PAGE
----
Antigua Celebrates Celestial Event

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Senior editor Kristin O'Meara visited Antigua in time for a solar eclipse. Her report follows:

SHIRLEY HEIGHTS, Antigua -- When it came to promoting February's solar eclipse, Antigua was the land that hype forgot.

Unlike Aruba and Curacao, which were coronated as eclipse central by NASA, Antigua never promoted itself as a prime viewing point.

The eclipse, nonetheless, turned into a big-time event that captured the interest and imagination of tourists and locals alike.

From the day of my arrival, there was a palpable sense of festivity.

People who had done their homework knew the island would experience at least three minutes of total eclipse and had flocked there from all over the world. Scientific-looking types arrived lugging weird skywatching equipment in clunky metal boxes that were covered with logos of past eclipses.

Once on island, these eclipse-chasers spent a good deal of time stalking the perfect viewing spot. Some were so obsessed that they camped out on their territory for days in advance.

Low-tech folks like me hunkered down in our hotels or headed for St. Johns instead, where we sought out cheapo eclipse-viewing glasses and tacky T-shirts.

The island's residents were pretty excited, too. An Antiguan TV station carried a program on the eclipse.

A panel of local educators took calls from the population and answered questions about the best and safest ways to watch the event. Apparently, the show was a good idea because even when compared with a slew of cute, earnest calls from school kids, the adults' questions really took the cake.

One caller was quite worried and wondered if she could be blinded by malevolent, people-seeking rays even if she stayed inside with the blinds closed. Another woman complained that the event resembled a pagan festival, and she vowed not to take part.

I switched off the set just as the world's-end people got their two cents in. "What hogwash," I thought.

The day of the eclipse dawned hot, with a mixture of clouds and sun, and when I arrived at Shirley Heights, a scenic overlook that is one of Antigua's prime historical sites, there was some hand-wringing amid the skywatchers.

Would the clouds break?
Would photographic equipment work?
Would the barbecue line ever move?
Fortunately, the answer to all three questions was yes.

While downing some hot dogs, my cohorts and I noticed that our surroundings had taken on a curiously grayish cast despite the fact that the sky was now mostly blue.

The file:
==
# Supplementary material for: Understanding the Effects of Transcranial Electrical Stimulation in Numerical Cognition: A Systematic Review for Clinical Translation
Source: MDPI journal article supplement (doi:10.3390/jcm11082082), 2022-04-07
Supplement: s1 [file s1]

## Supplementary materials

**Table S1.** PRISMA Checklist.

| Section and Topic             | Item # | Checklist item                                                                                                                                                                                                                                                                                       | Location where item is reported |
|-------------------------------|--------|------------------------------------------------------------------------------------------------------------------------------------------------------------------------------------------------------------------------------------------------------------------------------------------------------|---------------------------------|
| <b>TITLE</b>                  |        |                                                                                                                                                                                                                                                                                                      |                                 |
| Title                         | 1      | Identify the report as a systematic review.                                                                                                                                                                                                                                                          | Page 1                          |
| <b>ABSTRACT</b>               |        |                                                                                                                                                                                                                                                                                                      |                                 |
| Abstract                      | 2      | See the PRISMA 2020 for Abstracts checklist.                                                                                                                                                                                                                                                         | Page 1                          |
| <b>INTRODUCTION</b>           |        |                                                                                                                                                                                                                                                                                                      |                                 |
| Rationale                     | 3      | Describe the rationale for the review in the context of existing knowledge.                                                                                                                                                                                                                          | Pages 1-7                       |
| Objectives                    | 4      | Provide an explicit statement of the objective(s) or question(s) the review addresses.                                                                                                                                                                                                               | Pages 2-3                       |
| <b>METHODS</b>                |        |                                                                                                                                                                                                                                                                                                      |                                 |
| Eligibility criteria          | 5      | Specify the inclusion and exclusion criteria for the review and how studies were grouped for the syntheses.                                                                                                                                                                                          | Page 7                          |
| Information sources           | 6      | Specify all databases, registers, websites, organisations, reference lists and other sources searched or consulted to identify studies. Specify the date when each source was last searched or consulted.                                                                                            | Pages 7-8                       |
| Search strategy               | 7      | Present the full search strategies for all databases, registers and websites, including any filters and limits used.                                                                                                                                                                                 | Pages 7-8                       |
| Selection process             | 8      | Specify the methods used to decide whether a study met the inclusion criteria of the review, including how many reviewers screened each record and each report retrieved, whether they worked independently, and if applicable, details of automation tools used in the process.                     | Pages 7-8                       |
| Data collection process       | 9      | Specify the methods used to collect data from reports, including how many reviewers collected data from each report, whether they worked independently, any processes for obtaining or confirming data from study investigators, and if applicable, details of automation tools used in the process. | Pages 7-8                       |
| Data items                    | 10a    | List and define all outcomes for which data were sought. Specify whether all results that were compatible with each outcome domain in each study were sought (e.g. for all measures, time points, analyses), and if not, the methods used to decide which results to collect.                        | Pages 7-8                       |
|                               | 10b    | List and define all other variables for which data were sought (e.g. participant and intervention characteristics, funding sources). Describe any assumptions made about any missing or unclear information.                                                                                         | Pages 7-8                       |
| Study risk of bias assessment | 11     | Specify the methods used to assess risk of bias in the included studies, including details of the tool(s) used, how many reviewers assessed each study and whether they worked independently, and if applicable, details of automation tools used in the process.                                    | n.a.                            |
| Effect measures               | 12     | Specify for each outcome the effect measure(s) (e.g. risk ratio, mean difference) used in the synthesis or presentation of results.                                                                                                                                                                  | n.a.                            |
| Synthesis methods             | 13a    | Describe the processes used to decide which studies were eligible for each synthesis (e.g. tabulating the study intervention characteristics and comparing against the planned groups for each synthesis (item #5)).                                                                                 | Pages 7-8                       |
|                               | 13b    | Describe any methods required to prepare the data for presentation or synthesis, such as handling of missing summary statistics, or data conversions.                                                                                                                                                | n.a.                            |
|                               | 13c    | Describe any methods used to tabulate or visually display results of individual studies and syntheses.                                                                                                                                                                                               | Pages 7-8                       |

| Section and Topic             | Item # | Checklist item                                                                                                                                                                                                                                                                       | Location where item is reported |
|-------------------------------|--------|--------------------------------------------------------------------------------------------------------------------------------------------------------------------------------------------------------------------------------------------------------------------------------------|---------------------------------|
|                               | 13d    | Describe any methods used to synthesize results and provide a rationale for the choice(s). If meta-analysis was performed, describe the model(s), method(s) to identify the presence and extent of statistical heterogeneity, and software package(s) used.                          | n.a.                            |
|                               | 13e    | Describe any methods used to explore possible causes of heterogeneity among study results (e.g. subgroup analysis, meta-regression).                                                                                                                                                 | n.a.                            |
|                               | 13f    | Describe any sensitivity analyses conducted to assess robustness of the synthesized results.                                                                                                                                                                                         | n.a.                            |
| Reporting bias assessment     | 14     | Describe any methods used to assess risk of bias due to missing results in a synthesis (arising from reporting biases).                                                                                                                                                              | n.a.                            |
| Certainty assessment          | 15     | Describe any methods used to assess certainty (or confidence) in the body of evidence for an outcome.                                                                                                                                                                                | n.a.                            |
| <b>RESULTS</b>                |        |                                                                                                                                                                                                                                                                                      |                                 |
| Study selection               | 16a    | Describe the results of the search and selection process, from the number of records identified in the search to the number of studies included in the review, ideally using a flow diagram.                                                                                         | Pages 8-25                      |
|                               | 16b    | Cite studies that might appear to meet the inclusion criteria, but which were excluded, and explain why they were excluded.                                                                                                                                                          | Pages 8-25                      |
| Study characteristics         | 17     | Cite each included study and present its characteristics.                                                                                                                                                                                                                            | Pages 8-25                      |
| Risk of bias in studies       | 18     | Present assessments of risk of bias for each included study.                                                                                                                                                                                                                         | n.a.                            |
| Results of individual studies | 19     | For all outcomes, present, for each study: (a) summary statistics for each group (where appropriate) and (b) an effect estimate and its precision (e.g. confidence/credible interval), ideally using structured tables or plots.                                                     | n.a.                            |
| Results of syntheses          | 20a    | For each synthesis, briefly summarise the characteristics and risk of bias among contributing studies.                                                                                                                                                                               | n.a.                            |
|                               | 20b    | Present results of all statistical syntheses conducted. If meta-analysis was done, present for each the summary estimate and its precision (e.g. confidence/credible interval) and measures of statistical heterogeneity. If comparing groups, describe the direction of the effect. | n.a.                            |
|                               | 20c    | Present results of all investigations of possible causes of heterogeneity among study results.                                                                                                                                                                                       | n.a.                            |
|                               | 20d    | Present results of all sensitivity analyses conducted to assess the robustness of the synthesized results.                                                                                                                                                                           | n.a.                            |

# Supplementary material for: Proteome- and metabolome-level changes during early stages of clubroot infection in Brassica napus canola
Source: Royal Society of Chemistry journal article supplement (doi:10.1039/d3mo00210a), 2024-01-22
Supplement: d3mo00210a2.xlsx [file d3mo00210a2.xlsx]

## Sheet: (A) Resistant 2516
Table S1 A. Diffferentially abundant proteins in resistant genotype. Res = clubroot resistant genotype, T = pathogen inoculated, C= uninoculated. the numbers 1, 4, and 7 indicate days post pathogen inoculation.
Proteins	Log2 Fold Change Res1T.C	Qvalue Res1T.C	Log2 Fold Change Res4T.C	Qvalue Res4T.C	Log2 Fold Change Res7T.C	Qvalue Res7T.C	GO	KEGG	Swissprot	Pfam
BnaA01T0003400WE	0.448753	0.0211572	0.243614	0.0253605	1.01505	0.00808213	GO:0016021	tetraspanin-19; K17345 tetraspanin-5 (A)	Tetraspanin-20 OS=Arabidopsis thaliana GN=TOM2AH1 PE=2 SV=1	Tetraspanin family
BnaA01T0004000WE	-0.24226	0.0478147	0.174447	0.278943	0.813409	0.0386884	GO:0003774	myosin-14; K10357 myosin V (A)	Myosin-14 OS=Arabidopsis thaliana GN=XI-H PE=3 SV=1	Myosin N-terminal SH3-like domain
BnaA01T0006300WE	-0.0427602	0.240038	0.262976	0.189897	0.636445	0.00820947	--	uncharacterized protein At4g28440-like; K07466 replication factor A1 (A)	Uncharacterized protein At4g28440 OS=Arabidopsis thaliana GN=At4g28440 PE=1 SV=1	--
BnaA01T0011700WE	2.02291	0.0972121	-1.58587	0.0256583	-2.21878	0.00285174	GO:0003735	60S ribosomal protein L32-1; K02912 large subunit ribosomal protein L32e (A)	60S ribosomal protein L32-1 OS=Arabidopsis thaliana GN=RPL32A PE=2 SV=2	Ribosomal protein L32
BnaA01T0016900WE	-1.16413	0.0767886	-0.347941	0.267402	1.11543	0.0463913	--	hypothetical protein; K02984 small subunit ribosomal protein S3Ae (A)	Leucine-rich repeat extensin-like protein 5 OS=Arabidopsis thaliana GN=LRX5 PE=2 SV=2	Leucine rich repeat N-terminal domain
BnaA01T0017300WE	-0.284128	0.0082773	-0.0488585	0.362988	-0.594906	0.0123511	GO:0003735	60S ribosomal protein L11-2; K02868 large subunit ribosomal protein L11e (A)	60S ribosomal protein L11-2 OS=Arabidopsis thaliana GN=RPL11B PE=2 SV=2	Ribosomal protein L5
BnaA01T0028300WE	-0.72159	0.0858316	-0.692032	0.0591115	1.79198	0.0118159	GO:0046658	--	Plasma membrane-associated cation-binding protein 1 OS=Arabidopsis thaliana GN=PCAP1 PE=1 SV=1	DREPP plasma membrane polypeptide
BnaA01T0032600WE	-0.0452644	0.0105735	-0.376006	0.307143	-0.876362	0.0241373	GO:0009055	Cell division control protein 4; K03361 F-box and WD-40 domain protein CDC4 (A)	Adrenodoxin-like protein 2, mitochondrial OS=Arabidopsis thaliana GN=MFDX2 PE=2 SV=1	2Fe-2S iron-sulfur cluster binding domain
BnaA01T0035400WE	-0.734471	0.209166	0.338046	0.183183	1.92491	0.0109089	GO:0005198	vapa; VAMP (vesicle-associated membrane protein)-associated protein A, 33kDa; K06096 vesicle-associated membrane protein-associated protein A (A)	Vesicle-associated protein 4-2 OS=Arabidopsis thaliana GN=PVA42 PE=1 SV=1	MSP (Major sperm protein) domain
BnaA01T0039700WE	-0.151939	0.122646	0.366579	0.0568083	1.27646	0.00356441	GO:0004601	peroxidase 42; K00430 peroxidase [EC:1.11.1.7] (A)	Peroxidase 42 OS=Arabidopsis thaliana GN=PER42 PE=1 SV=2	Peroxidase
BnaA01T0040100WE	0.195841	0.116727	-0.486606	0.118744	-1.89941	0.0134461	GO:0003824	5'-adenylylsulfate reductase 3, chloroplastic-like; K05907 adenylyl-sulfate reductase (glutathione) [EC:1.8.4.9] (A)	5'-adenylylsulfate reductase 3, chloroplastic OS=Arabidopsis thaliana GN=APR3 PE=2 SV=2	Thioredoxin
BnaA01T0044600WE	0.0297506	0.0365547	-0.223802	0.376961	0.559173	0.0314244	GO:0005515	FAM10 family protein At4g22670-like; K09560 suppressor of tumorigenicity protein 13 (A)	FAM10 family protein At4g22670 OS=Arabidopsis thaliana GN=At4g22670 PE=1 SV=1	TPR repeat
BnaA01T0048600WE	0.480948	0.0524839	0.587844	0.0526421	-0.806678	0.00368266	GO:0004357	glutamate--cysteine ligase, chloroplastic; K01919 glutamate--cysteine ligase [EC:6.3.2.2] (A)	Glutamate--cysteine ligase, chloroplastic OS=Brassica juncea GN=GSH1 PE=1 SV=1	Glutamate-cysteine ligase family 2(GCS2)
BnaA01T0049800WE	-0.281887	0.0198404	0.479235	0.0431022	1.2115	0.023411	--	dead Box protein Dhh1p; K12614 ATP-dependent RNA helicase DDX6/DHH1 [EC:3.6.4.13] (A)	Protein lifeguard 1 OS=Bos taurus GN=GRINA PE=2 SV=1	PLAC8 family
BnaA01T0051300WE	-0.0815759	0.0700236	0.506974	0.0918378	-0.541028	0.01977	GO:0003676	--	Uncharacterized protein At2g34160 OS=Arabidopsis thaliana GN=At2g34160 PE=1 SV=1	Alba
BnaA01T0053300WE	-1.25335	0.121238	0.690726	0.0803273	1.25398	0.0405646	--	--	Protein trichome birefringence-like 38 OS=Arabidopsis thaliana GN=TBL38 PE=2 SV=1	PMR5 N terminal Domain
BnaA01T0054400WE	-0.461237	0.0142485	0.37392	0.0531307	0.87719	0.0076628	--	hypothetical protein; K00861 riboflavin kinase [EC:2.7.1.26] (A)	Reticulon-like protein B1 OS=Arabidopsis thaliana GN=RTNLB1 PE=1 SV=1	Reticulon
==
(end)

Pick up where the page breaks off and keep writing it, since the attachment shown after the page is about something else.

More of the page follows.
We glanced at our watches: 1:30 p.m. The festivities had begun.

We picked a rocky perch just below a fenced-in pavilion from which to watch the proceedings.

A buzz began to work its way through the crowd as people detected the sky's changing hue and began to herd toward the peaks and edges of the mountaintop overlook. Little by little, people donned their special glasses or peered through smoked glass -- and even welder's masks -- at the sun.

As the sky grew darker, it took on a surreal shade of silvery purple that gradually descended as the excited conversation of onlookers grew to a crescendo.

Finally, the sky grew eerily dark, as an ash cloud over Montserrat and passing ships stood out in bold relief against the horizon. As the moon planted itself firmly in front of the sun, an unholy, unbridled whoop went up from the crowd. In the strange, silver shadow of the moon, people screamed, applauded, cried and hugged.

One solo onlooker who waved a Puerto Rican flag throughout the proceedings screamed and did a frenzied dance when the sun disappeared, euphorically whipping off his protective glasses to stare at the sun.

The three-plus minutes of total eclipse slid past in what felt like seconds, and when I took a look back at the sweaty, ecstatic group around me, it was nearly impossible to find a face that wasn't plastered in a face-bending smile.

As the sunlight started streaming down again, my companions and I looked at each other in amazement. For a moment, we agreed, some tiny corners of our minds had wondered: "Could this be the end of the world?"

None of the scientific articles I'd read or the reasoned explanations on CNN had been able to bury that strange, primordial jolt.

"Titanic" be damned, I tell you. Who needs special effects? Mother Nature still puts on the best shows of all.

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